Role-based assessments are becoming business as usual for many larger companies, and this means that they’re using a blanket approach to determine the IR35 status for roles regardless of who the individual contractor is.

End clients are also starting to use contractors from outside of the UK where IR35 rules don’t exist, while UK-based contract workers are starting to look at roles outside of the UK where they can make their own determination.

If an end client is looking to work with a contractor outside of the UK, how does that work with IR35?

If the contractor is outside of the UK it is down to the tax legislation in the country within which they are working. There are lots of rules similar to IR35 within European countries but outside of Europe there is less regulation.

The advantage of now being able to work remotely is that contractors can consider working for clients based outside of the UK – and the determination will then lie with the contractor.

What are my options as a contractor going forward?

  • Outside of IR35 you are deemed as a true contractor meaning you can work through your limited company, as a sole trader, or there are also a number of hybrid options too. Speak to your accountant for the model that will work for both.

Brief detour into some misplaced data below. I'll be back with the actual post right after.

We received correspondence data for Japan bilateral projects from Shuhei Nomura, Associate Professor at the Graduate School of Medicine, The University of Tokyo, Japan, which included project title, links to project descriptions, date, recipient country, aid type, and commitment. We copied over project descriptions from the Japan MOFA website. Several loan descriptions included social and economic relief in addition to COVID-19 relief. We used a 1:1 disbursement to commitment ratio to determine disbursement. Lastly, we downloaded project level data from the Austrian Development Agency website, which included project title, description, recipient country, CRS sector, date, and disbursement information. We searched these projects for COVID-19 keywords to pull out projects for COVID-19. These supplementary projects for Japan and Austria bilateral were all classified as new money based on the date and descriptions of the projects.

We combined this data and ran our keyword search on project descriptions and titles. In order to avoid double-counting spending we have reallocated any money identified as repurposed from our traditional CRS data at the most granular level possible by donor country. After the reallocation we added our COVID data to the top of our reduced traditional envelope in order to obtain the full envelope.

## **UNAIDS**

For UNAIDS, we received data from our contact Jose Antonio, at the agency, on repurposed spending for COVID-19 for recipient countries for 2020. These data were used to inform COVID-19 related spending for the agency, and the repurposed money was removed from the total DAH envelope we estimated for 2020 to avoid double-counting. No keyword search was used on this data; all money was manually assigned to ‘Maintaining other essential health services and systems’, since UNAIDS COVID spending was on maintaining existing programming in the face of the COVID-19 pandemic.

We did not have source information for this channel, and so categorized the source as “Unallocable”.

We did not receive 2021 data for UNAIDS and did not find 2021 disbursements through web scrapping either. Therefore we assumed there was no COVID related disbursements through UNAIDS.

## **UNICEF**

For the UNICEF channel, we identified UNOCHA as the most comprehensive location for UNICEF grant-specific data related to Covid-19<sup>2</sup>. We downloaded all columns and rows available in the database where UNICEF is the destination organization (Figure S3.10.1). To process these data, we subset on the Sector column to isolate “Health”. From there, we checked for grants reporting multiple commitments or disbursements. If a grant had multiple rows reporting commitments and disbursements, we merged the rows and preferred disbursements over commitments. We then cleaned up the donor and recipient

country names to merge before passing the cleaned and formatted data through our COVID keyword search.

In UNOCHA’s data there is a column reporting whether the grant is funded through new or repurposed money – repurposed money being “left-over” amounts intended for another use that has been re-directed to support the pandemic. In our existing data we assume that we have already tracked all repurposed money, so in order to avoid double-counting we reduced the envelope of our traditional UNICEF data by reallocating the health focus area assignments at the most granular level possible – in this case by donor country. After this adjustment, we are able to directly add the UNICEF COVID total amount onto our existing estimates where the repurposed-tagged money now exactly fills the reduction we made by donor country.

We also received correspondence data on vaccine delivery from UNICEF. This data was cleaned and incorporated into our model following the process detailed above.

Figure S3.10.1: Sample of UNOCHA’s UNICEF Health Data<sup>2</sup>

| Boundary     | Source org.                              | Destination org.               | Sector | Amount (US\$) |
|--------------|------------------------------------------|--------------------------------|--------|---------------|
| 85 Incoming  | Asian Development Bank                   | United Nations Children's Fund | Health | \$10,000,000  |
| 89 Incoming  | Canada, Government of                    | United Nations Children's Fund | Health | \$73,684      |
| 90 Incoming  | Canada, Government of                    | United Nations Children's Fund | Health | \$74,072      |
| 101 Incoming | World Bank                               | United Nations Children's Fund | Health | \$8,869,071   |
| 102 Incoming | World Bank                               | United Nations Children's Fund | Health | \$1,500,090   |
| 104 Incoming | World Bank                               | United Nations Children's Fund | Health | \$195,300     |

• Inside IR35 you’re deemed as an employee and your options are Agency PAYE, Umbrella or Deemed Payment (where you work through your limited company but your tax is deducted before it is paid to you)
  • Consider having two separate rates to reflect contracts that fall inside or outside of IR35. An uplift of rate for contractors working inside IR35 is advisable whereas an outside IR35 rate would be the contractor’s ‘normal rate’.

Where should contractors be positioning their rates when thinking about being inside or outside of IR35?

Your outside rate would be the rate that you’ve always worked from prior to the introduction of IR35. For an inside IR35 rate you’re looking at an uplift of about 25%. This is to mitigate Employer National Insurance, the apprenticeship levy and holiday pay. Within the market we’ve seen a very mixed process – some have been open to uplifting in order to keep their contractors whereas others are reluctant.

Keen to watch this webinar back? Click here to watch the full webinar.